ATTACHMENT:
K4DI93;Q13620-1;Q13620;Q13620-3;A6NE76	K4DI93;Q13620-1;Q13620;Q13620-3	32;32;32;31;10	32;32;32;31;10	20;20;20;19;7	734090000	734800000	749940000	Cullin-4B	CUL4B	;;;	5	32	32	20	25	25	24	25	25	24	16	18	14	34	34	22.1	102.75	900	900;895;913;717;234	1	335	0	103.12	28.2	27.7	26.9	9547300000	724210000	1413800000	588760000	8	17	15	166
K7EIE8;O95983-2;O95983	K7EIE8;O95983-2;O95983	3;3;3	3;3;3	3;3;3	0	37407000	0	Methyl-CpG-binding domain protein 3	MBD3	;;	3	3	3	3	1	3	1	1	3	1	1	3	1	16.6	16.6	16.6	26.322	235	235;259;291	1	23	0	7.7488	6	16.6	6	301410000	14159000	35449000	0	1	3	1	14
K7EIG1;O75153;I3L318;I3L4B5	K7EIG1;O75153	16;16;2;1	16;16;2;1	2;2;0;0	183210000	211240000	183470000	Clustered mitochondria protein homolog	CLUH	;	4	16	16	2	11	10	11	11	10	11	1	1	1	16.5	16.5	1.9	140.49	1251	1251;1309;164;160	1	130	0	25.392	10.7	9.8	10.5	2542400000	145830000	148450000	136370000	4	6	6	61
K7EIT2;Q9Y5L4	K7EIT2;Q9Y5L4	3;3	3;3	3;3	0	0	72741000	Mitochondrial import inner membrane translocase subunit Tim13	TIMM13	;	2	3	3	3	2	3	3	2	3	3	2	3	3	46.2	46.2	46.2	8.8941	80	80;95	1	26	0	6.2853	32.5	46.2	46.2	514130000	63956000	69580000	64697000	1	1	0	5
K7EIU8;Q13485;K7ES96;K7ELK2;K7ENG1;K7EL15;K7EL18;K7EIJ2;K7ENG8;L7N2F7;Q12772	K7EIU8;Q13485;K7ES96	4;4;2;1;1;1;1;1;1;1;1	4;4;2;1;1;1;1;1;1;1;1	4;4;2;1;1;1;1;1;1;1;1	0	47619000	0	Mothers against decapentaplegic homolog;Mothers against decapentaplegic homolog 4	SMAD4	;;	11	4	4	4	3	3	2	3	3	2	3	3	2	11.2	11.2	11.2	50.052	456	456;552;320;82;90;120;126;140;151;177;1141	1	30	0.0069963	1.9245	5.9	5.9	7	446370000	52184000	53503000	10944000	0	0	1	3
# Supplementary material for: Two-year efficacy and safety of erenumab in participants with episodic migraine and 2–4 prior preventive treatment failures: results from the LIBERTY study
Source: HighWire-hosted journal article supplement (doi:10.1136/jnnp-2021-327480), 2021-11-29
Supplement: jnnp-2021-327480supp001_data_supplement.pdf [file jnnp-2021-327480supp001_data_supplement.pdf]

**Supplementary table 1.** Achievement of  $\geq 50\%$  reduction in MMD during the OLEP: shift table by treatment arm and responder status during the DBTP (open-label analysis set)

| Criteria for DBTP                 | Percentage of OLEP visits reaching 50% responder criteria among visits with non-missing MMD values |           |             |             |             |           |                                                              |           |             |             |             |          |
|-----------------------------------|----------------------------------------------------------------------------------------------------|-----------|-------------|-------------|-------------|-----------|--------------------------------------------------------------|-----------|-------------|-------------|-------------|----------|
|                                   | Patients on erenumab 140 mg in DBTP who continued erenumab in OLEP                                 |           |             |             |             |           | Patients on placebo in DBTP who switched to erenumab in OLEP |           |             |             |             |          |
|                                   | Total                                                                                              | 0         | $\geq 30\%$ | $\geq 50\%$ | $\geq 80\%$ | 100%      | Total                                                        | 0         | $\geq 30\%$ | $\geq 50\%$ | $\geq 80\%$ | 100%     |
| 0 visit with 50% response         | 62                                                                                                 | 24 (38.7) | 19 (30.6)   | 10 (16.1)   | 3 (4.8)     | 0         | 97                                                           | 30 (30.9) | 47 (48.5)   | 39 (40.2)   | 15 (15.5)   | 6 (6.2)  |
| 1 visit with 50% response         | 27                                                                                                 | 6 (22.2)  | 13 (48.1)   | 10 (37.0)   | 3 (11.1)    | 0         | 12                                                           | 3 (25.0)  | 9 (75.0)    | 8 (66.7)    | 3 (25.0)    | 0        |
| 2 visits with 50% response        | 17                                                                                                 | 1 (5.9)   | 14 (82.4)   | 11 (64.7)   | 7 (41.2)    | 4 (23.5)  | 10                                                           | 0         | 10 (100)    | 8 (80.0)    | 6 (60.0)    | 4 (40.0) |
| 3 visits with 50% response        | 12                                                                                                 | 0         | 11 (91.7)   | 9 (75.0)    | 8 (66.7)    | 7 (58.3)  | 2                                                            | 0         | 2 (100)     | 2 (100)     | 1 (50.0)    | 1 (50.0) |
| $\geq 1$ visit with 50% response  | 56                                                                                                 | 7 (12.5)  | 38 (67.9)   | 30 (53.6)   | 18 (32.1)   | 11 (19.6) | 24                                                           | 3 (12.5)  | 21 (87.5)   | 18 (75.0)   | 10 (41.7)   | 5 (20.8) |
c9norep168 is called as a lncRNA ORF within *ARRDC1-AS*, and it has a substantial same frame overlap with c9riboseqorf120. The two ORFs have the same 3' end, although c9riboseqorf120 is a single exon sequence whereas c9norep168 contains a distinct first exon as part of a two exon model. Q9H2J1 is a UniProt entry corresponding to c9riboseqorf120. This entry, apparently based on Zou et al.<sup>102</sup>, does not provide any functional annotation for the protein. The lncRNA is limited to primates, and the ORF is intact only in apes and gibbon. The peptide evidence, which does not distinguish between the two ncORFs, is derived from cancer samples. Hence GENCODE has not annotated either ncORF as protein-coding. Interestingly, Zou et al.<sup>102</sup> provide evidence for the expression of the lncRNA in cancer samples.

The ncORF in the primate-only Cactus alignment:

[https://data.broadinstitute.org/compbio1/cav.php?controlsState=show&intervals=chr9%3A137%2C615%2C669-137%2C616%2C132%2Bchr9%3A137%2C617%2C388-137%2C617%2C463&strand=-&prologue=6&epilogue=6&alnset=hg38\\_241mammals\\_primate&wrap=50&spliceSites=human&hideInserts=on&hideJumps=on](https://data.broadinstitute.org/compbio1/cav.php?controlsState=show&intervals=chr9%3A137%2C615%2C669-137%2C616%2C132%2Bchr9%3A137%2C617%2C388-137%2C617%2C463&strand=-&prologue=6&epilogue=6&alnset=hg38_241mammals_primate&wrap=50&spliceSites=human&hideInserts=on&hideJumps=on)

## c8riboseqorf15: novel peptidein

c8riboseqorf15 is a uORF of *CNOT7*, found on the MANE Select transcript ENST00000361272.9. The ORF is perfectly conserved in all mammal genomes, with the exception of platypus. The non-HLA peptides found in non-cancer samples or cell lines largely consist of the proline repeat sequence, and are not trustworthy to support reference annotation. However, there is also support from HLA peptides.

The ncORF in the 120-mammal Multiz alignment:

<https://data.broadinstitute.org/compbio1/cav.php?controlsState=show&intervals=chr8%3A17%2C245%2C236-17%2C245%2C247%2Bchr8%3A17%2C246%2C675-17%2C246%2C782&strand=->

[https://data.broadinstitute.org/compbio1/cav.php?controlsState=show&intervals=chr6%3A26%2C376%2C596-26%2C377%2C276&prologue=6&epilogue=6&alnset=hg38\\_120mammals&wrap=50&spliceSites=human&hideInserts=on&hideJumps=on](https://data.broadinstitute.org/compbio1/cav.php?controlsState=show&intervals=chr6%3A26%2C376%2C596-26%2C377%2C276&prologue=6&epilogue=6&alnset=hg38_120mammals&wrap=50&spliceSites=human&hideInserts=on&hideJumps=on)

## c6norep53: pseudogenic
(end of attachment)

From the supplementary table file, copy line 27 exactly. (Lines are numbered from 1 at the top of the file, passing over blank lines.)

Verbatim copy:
## c6norep53: pseudogenic